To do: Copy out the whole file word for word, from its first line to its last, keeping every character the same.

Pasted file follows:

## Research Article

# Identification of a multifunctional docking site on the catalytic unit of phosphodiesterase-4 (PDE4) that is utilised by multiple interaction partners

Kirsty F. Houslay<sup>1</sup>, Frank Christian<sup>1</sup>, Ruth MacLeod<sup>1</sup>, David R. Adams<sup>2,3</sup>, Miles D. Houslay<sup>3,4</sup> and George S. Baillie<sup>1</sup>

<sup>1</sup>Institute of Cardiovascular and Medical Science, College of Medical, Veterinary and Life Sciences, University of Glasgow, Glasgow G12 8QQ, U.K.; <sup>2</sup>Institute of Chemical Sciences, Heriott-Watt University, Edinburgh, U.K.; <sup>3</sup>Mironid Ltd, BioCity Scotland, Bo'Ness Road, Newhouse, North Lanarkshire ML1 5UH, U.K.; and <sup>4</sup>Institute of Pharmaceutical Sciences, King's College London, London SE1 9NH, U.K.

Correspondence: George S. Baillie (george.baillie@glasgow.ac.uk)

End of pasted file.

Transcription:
## Research Article

# Identification of a multifunctional docking site on the catalytic unit of phosphodiesterase-4 (PDE4) that is utilised by multiple interaction partners

Kirsty F. Houslay<sup>1</sup>, Frank Christian<sup>1</sup>, Ruth MacLeod<sup>1</sup>, David R. Adams<sup>2,3</sup>, Miles D. Houslay<sup>3,4</sup> and George S. Baillie<sup>1</sup>

<sup>1</sup>Institute of Cardiovascular and Medical Science, College of Medical, Veterinary and Life Sciences, University of Glasgow, Glasgow G12 8QQ, U.K.; <sup>2</sup>Institute of Chemical Sciences, Heriott-Watt University, Edinburgh, U.K.; <sup>3</sup>Mironid Ltd, BioCity Scotland, Bo'Ness Road, Newhouse, North Lanarkshire ML1 5UH, U.K.; and <sup>4</sup>Institute of Pharmaceutical Sciences, King's College London, London SE1 9NH, U.K.

Correspondence: George S. Baillie (george.baillie@glasgow.ac.uk)